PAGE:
Insurance Policies 101: Automotive Insurance

South Florida is quickly becoming infamous for its heavy traffic and high rate of motor vehicle accidents. Drivers in the Miami tend to be fast-paced, career driven men and women who want to get where they’re going––and they want to get there fast. It’s because of this lifestyle, and the lack of attention paid to the rules of the road, that auto insurance rates have skyrocketed over the last several years. Like several other states that cater to a faster-paced lifestyle and traffic at nearly all hours of the day (Los Angeles and New York City, for example), Miami has some of the highest automotive insurance premiums in the country.

When it comes to demystifying car insurance, we often endure singing, dancing spokespeople (or lizards) on television commercials that tell us we can “Save 15% or More on Car Insurance!” while not truly understanding what that policy actually entails. Does that lower priced policy cover everything a driver needs in the event of an accident? The truth is, insurance companies hope that they can distract you from what’s not covered with flashy commercials and attractive actors. It’s important to understand the reality of the auto insurance policy you select, no matter how entertaining the commercials.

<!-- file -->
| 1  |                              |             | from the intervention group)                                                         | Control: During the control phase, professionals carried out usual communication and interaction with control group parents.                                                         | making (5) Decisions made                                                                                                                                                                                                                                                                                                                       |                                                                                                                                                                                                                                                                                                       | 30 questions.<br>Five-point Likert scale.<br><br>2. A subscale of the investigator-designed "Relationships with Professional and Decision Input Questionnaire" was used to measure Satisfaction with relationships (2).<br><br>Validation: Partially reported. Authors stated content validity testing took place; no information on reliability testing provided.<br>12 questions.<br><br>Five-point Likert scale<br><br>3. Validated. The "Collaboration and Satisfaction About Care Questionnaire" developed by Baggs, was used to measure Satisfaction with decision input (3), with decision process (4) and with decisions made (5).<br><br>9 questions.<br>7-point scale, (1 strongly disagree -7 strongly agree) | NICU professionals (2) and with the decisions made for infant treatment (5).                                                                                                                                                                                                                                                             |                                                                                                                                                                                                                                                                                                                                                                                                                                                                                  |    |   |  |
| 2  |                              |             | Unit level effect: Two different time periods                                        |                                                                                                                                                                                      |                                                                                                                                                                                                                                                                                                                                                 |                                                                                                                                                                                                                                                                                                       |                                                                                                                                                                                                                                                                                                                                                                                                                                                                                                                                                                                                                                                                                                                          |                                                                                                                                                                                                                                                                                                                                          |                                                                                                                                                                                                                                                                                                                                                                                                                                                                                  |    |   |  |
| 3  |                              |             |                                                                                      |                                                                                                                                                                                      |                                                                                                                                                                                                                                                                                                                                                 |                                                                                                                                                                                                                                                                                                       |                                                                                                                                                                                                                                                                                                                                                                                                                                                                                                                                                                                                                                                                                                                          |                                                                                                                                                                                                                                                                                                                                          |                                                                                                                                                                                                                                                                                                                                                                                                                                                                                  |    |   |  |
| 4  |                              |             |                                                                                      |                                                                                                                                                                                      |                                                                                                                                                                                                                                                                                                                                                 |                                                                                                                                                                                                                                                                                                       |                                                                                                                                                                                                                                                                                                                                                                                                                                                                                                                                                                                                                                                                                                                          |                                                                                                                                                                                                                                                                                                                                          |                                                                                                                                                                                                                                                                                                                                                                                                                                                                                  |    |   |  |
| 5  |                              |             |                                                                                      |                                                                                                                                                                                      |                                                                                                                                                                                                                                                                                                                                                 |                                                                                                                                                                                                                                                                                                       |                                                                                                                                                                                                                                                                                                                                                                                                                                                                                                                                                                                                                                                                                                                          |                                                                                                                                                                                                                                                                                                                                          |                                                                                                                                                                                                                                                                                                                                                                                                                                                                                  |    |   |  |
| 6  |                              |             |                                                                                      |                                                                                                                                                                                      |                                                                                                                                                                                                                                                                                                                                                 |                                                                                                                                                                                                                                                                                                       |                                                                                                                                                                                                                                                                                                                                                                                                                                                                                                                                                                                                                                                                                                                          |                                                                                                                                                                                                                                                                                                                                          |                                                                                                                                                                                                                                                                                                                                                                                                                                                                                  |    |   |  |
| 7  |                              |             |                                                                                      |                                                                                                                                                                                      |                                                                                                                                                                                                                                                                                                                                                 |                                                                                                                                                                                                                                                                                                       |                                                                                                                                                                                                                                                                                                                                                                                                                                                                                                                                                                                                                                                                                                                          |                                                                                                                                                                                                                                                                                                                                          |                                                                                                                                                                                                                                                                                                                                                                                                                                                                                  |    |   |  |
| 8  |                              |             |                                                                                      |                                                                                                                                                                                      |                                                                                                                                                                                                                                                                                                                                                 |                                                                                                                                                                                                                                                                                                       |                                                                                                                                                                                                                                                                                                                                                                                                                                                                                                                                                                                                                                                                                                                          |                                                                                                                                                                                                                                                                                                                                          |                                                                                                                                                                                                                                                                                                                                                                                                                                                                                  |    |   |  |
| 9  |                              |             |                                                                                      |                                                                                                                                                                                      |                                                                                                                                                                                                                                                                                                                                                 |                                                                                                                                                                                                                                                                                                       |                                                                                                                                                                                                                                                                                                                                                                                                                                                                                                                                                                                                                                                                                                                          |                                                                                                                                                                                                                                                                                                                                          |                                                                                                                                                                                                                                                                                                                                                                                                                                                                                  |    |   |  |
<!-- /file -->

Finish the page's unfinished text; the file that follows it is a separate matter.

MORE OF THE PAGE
Although insurance policies vary from state-to-state, they all have at least one thing in common: licensed drivers are required by law to carry automotive insurance. What’s more, it’s a good idea for drivers to carry uninsured motorist coverage, although that’s not required by law in every state. As part of our “Insurance 101” series of articles, we’ll break down what drivers most need to know when selecting an auto insurance policy, and what coverage best protects them in the event of a motor vehicle accident.

What’s in a policy?

The first thing we want to look at is what actually goes into an auto insurance policy. It’s important to understand what you’re getting––and what you’re not––before you sign on the dotted line. The last thing a driver wants is to end up with a policy that doesn’t fully cover them in the event of an accident. Medical bills, emotional anguish, and lost wages are enough to deal with after a motor vehicle accident, a driver’s car insurance coverage shouldn’t be added to that list.